An API Client that’s Faster than the API

For the past few weeks I've been working on Logrole, a Twilio log viewer. If you have to browse through your Twilio logs, I think this is the way that you should do it. We were able to do some things around performance and resource conservation that have been difficult to accomplish with today's popular web server technologies.

Picture of Logrole

Fast List Responses

Twilio's API frequently takes over 1 second to return a page of calls or messages via the API. But Logrole usually returns results in under 100ms. How? Every 30 seconds we fetch the most recent page of Calls/Messages/Conferences and store them in a cache. When we download a page of resources, we get the URL to the next page - Twilio's next_page_uri — immediately, but a user might not browse to the next page for another few seconds. We don't have to wait for you to hit Next to get the results - on the server side, we fetch/cache the next page immediately, so it's ready when you finally hit the Next button, and it feels really snappy.

The cache is a simple LRU cache. We run Go structs through encoding/gob and then gzip before storing them, which takes the size of a cache value from 42KB to about 3KB. At this size, about 8,300 values can fit in 25MB of memory.

var buf bytes.Buffer
writer := gzip.NewWriter(&buf)
enc := gob.NewEncoder(writer)
if err := enc.Encode(data); err != nil {
if err := writer.Close(); err != nil {
c.c.Add(key, buf.Bytes())
c.Debug("stored data in cache", "key", key, "size", buf.Len(),
    "cache_size", c.c.Len())

Right now one machine is more than enough to serve the website, but if we ever needed multiple machines, we could use a tool like groupcache to share/lookup cached values across multiple different machines.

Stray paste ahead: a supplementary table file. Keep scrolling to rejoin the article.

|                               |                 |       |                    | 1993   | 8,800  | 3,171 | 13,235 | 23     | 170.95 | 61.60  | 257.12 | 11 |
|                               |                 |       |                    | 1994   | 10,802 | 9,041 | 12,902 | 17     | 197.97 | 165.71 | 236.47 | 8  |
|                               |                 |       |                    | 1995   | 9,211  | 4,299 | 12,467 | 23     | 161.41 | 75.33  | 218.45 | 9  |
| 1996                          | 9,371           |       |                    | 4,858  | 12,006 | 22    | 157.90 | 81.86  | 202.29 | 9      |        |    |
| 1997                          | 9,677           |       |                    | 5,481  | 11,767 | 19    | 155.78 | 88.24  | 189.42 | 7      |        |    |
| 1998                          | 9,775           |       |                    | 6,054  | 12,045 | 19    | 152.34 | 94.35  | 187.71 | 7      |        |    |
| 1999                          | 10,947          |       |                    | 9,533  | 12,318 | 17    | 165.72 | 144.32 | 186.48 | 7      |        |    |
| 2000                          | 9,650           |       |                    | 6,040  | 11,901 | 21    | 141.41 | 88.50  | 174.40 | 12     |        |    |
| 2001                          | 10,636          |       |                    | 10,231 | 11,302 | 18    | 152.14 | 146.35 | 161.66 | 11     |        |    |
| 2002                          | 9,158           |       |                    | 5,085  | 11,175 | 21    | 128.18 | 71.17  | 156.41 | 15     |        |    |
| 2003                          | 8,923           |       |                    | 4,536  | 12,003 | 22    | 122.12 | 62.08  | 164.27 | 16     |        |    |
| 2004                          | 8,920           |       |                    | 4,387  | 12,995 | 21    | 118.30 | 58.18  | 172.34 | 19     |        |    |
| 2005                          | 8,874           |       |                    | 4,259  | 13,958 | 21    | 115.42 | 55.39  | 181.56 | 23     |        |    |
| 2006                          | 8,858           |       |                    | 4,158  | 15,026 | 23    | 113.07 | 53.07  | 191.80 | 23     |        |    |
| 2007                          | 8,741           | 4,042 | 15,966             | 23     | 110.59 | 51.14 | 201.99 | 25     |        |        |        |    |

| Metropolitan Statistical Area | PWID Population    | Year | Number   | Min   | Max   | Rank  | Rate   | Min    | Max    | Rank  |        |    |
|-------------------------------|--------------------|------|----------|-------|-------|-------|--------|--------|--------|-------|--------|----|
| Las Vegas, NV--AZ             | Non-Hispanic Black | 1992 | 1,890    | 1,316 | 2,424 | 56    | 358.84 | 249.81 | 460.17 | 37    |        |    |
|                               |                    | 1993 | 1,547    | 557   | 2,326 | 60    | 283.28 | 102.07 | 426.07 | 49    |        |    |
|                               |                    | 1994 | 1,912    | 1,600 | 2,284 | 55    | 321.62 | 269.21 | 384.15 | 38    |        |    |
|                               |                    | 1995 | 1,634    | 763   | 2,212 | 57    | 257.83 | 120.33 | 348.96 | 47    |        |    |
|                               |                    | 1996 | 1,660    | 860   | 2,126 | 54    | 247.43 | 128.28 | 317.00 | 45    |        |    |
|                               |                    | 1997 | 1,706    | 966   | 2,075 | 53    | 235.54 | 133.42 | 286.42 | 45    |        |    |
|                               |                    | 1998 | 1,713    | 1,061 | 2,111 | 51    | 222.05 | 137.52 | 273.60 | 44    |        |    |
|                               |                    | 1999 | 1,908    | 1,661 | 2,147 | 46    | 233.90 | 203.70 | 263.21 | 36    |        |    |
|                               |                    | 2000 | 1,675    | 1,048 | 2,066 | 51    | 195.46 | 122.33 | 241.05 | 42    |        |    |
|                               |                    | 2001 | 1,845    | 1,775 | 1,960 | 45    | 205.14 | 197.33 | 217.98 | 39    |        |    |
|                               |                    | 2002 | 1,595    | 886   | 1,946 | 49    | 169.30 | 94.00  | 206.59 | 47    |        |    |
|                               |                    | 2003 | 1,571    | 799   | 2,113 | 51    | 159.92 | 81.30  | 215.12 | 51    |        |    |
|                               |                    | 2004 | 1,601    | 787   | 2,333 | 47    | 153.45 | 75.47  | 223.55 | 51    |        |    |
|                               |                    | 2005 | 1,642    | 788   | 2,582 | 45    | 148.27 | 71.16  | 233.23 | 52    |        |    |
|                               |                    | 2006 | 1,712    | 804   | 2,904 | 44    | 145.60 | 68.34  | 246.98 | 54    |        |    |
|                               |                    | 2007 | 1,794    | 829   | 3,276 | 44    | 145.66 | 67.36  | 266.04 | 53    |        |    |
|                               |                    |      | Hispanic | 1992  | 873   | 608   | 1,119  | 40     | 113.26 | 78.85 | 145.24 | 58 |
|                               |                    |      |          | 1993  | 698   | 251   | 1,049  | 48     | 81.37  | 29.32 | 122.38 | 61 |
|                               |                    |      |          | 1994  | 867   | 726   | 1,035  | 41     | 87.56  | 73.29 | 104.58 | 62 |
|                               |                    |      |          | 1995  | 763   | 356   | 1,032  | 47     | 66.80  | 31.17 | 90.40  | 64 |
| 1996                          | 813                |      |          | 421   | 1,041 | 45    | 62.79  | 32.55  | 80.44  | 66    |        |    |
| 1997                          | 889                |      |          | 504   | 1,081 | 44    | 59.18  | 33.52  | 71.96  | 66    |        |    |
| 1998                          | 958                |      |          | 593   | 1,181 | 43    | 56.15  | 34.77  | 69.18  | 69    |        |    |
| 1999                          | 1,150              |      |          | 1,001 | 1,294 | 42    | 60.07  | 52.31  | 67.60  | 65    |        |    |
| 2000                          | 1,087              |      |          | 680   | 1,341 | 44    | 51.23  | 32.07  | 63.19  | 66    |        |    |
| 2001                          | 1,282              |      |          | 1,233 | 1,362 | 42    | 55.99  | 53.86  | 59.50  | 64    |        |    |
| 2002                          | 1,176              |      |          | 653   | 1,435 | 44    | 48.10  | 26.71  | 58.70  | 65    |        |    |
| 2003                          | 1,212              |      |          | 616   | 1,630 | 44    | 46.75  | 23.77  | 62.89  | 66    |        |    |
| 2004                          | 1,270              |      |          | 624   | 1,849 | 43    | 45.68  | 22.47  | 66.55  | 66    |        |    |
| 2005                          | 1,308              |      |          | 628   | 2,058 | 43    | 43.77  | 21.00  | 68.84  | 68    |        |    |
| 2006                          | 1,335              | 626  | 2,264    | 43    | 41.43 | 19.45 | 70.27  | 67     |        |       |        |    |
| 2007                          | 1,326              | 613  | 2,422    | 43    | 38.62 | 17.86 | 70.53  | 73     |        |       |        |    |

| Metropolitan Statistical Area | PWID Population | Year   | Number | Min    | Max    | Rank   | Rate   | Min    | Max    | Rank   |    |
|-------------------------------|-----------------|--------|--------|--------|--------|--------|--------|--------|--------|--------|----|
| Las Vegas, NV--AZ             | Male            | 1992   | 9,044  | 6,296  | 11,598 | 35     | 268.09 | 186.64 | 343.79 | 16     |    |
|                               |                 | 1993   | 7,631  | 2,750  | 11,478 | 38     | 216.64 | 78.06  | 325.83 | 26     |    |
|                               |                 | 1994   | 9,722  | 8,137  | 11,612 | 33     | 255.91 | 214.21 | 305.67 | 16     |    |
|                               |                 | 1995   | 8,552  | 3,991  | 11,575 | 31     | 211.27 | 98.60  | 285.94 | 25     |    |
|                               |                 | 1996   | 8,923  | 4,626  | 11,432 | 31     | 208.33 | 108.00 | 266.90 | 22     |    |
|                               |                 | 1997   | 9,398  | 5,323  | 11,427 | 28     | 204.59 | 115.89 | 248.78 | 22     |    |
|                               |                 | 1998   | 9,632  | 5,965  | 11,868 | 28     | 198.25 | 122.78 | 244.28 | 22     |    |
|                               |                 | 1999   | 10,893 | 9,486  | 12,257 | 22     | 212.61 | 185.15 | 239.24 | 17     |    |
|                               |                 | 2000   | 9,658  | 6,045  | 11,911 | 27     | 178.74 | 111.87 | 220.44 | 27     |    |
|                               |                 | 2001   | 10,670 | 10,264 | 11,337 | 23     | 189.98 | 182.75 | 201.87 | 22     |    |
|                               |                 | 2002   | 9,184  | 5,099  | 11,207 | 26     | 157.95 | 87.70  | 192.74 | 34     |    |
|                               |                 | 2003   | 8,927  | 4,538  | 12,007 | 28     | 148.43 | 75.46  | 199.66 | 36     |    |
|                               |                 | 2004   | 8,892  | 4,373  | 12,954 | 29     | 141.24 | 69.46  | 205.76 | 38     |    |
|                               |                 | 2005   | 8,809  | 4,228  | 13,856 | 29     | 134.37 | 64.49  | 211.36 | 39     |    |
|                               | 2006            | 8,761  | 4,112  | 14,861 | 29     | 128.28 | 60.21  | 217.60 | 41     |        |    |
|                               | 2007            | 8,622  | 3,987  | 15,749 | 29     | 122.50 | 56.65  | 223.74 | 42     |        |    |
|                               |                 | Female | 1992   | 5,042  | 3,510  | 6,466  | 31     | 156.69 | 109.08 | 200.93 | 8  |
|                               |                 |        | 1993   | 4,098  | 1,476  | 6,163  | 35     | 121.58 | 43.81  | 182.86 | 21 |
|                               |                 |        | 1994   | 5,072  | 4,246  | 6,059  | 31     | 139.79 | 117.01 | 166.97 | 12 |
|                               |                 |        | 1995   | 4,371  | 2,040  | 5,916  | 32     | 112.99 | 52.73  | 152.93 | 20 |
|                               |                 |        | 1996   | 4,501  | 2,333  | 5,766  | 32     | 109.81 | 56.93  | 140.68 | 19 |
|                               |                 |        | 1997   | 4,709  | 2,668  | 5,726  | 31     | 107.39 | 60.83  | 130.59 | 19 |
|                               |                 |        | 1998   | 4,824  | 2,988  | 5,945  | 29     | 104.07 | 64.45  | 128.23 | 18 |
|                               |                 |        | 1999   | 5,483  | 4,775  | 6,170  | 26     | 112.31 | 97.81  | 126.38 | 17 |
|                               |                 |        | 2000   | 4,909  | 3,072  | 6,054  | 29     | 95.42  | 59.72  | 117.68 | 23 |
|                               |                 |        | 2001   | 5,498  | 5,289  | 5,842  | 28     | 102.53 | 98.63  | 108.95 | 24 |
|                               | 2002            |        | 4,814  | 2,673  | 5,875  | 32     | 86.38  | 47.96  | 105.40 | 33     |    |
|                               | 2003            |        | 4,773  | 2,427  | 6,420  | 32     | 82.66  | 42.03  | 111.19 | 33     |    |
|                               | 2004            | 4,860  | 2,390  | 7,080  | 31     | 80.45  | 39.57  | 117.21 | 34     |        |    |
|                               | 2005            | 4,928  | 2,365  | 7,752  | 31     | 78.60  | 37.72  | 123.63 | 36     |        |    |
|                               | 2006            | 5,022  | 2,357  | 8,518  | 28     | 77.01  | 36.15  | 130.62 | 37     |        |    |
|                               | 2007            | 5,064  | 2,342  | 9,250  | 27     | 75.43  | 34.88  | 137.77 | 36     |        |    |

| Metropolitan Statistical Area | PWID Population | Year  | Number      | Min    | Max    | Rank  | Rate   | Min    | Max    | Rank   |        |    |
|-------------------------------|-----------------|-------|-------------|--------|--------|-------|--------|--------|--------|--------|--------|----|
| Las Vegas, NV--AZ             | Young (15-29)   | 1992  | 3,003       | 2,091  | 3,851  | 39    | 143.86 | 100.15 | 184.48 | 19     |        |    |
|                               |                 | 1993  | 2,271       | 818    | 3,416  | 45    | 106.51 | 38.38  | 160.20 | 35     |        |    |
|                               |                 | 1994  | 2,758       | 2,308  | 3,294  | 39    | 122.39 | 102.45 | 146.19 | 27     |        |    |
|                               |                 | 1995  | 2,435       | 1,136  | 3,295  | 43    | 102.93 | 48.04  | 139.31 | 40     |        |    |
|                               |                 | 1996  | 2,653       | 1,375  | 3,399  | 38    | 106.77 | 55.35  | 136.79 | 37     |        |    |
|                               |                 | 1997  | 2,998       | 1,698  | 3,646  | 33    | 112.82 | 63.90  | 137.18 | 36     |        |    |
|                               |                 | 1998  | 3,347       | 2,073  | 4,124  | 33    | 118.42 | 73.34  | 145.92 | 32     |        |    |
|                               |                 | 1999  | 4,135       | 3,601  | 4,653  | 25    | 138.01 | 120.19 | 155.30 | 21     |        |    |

Combining Shared Queries

The logic in the previous paragraphs leads to a race. If the user requests the Next page before we've finished retrieving/saving the value in the cache, we'll end up making two requests for the exact same data. This isn't too bad in our case, but doubles the load on Twilio, and means the second request could have gotten the results sooner by reusing the response from first request.

The singleflight package is useful for ensuring only one request ever gets made at a time. With singleflight, if a request is already in progress with a given key, a caller will get the return value from the first request. We use the next page URI as the key.

var g singleflight.Group
g.Do(page.NextPageURI, func() (interface{}, error) {
    // 1) return value from cache, if we've stored it
    // 2) else, retrieve the resource from the API
    // 3) store response in the cache
    // 4) return response

This technique is also useful for avoiding thundering herd problems.

Canceling Unnecessary Queries

You've configured a 30 second request timeout in nginx, and a query is taking too long, exceeding that timeout. nginx returns a 504 Gateway Timeout and moves on, but your server is still happily processing the request, even though no one is listening. It's a hard problem to solve because it's much easier for a thread to just give up than to give up and tell everyone downstream of you that they can give up too. A lot of our tools and libraries don't have the ability to do that kind of out of band signaling to a downstream process.

Go's context.Context is designed as an antidote for this. We set a timeout in a request handler very early on in the request lifecycle:

ctx, cancel := context.WithTimeout(req.Context(), timeout)
defer cancel()
req = req.WithContext(ctx)
h.ServeHTTP(w, req)

We pass this context to any method call that does I/O - a database query, a API client request (in our case), or a exec.Command. If the timeout is exceeded, we'll get a message on a channel at ctx.Done(), and can immediately stop work, no matter where we are. Stopping work if a context is canceled is a built in property of http.Request and os/exec in Go 1.7, and will be in database/sql starting with Go 1.8.